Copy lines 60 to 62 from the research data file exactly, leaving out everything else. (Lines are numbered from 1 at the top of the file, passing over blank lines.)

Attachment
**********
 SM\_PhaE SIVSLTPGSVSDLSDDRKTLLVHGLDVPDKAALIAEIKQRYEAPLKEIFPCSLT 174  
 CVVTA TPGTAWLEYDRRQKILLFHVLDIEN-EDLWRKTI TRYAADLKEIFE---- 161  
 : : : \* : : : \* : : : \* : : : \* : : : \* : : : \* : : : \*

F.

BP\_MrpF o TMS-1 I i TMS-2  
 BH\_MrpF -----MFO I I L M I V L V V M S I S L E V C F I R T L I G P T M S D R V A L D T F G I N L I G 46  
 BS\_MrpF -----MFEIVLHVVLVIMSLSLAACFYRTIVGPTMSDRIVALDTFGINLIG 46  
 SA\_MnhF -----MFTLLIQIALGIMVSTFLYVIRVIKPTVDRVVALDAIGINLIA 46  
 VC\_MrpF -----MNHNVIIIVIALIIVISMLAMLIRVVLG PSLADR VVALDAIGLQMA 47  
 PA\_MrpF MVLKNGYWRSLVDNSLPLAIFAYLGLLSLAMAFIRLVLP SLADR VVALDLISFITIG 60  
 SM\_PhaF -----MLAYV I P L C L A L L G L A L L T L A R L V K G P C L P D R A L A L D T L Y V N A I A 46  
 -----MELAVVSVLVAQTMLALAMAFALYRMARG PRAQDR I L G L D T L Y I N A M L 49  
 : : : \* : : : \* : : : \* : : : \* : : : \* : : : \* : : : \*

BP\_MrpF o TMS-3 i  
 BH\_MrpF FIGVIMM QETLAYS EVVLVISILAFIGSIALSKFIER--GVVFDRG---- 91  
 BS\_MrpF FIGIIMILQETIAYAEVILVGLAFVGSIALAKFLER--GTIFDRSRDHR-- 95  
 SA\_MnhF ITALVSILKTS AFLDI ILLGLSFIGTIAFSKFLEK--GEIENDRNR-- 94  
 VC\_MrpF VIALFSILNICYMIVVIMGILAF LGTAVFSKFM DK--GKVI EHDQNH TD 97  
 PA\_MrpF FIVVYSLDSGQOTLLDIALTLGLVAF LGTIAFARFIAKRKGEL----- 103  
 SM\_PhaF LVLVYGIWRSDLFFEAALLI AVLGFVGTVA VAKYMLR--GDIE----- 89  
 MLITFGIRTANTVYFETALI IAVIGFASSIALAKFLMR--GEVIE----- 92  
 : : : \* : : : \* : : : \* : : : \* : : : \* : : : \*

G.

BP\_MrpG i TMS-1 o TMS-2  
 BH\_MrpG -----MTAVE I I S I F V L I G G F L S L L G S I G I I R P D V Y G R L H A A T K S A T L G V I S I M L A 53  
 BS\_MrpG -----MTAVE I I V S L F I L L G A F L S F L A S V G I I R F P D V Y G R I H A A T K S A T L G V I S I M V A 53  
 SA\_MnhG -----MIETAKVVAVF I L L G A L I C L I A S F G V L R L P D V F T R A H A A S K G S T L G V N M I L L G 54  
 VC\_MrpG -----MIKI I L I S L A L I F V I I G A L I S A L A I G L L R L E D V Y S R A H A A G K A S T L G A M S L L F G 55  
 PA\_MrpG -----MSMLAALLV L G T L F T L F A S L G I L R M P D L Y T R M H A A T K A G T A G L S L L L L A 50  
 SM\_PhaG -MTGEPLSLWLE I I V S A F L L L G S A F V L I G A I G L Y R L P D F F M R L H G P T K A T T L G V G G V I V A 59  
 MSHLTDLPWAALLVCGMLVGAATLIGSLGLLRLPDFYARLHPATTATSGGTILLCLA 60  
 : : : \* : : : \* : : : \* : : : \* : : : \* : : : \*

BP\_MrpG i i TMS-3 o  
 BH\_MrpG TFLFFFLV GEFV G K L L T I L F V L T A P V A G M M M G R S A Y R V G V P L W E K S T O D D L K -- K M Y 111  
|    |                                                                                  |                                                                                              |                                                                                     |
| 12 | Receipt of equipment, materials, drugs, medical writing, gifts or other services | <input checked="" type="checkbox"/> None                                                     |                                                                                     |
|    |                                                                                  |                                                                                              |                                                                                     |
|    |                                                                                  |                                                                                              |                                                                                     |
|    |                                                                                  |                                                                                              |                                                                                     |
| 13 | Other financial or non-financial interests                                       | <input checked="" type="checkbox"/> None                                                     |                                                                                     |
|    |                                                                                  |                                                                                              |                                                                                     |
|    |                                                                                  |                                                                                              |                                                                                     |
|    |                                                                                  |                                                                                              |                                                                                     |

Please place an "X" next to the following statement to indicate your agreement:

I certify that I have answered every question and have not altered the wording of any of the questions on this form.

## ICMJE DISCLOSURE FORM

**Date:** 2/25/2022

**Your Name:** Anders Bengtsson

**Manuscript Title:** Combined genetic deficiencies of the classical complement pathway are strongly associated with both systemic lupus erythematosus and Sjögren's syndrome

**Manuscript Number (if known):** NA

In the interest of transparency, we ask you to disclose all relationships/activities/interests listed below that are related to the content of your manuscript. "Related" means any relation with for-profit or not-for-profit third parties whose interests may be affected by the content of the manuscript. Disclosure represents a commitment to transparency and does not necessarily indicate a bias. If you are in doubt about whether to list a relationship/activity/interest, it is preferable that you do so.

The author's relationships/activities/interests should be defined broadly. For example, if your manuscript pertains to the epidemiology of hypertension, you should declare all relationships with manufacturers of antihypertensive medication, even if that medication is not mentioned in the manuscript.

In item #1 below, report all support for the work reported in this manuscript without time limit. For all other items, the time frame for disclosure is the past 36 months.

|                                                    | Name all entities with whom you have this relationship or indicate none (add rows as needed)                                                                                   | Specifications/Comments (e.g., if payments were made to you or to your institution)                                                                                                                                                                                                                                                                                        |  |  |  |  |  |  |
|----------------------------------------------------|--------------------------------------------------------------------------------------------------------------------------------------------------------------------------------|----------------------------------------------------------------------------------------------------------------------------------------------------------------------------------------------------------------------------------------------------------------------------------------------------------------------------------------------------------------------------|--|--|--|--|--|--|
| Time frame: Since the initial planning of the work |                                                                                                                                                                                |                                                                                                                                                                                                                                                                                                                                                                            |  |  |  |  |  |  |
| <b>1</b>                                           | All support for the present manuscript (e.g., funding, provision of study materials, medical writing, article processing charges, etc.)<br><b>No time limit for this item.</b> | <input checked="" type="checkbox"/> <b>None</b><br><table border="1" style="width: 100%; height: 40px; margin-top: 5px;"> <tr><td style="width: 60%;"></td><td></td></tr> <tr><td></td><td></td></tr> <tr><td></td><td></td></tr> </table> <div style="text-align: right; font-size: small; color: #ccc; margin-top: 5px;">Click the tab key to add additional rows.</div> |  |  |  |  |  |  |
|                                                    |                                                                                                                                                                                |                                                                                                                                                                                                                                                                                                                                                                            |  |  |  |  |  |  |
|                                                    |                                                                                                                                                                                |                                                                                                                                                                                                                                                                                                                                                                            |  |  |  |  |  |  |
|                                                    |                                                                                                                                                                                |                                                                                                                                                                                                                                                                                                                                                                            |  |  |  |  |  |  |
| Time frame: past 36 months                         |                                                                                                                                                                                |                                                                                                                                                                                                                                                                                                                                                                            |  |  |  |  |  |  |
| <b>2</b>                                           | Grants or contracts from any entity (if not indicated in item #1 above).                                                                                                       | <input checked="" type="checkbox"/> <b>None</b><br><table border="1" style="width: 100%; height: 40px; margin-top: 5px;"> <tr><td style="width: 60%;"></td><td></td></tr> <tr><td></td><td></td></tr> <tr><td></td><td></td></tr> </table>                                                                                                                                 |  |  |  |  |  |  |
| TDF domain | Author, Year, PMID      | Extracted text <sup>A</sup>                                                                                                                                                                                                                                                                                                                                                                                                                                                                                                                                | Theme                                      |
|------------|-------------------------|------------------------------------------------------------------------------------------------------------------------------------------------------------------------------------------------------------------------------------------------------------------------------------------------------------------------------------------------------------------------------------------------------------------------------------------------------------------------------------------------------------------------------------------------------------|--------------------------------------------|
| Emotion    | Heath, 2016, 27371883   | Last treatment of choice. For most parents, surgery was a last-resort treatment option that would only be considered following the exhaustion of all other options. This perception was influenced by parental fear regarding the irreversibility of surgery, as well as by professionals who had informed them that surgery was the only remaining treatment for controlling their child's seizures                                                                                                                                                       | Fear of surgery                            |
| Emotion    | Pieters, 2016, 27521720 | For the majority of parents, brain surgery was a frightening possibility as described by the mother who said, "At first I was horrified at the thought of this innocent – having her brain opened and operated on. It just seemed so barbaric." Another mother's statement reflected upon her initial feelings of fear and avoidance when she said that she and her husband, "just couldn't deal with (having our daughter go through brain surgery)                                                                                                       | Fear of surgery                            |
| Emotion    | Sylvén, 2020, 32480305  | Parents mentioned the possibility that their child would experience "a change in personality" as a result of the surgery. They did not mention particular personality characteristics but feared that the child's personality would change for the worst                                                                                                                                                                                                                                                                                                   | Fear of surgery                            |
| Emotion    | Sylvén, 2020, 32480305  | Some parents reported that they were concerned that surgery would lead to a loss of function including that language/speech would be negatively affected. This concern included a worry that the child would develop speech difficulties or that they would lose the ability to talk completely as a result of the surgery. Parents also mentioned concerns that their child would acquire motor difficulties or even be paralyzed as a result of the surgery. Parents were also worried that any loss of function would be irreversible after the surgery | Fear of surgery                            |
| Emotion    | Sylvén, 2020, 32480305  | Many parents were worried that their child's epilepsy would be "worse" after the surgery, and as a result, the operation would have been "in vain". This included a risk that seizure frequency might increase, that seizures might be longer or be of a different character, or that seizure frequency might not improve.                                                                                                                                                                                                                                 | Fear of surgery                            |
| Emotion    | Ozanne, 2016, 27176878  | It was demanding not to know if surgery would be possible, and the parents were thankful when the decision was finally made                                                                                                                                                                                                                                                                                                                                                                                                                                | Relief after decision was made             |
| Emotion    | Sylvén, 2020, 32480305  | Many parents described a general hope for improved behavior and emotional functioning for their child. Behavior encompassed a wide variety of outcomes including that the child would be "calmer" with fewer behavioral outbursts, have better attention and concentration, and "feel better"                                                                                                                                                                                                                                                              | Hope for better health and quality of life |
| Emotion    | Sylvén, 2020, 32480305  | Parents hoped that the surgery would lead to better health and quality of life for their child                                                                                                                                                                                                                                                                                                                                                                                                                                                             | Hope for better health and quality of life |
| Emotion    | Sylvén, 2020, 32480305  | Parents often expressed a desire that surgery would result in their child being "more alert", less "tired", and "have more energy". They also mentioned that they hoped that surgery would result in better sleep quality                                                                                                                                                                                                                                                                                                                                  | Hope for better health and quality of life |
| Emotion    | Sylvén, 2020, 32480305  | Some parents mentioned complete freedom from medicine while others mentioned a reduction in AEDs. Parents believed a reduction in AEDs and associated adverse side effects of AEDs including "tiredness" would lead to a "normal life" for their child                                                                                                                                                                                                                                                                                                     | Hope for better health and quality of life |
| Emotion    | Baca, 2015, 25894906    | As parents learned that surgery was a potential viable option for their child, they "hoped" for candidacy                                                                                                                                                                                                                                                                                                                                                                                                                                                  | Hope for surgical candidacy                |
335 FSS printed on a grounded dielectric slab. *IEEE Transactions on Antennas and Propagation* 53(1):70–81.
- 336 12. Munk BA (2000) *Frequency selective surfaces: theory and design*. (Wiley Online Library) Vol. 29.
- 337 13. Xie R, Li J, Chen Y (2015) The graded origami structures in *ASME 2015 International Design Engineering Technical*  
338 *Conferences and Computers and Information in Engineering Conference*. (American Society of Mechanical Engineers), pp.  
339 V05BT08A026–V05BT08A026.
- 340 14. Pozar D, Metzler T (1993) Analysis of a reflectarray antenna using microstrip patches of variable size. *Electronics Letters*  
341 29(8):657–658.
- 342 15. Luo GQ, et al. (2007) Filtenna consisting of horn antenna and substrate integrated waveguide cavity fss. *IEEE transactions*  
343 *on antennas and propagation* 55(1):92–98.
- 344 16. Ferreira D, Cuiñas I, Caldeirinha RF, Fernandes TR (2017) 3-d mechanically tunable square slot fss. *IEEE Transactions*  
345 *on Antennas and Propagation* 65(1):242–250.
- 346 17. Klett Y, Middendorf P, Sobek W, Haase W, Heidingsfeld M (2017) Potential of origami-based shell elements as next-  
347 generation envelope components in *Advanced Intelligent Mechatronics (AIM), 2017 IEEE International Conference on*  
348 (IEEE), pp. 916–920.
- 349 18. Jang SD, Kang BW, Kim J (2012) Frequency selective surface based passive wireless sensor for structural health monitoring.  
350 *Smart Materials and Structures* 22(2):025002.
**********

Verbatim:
|                                                    |                                                                                                                                                                                |                                                                                                                                                                                                                                                                                                                                                                            |  |  |  |  |  |  |
| Time frame: past 36 months                         |                                                                                                                                                                                |                                                                                                                                                                                                                                                                                                                                                                            |  |  |  |  |  |  |
| <b>2</b>                                           | Grants or contracts from any entity (if not indicated in item #1 above).                                                                                                       | <input checked="" type="checkbox"/> <b>None</b><br><table border="1" style="width: 100%; height: 40px; margin-top: 5px;"> <tr><td style="width: 60%;"></td><td></td></tr> <tr><td></td><td></td></tr> <tr><td></td><td></td></tr> </table>                                                                                                                                 |  |  |  |  |  |  |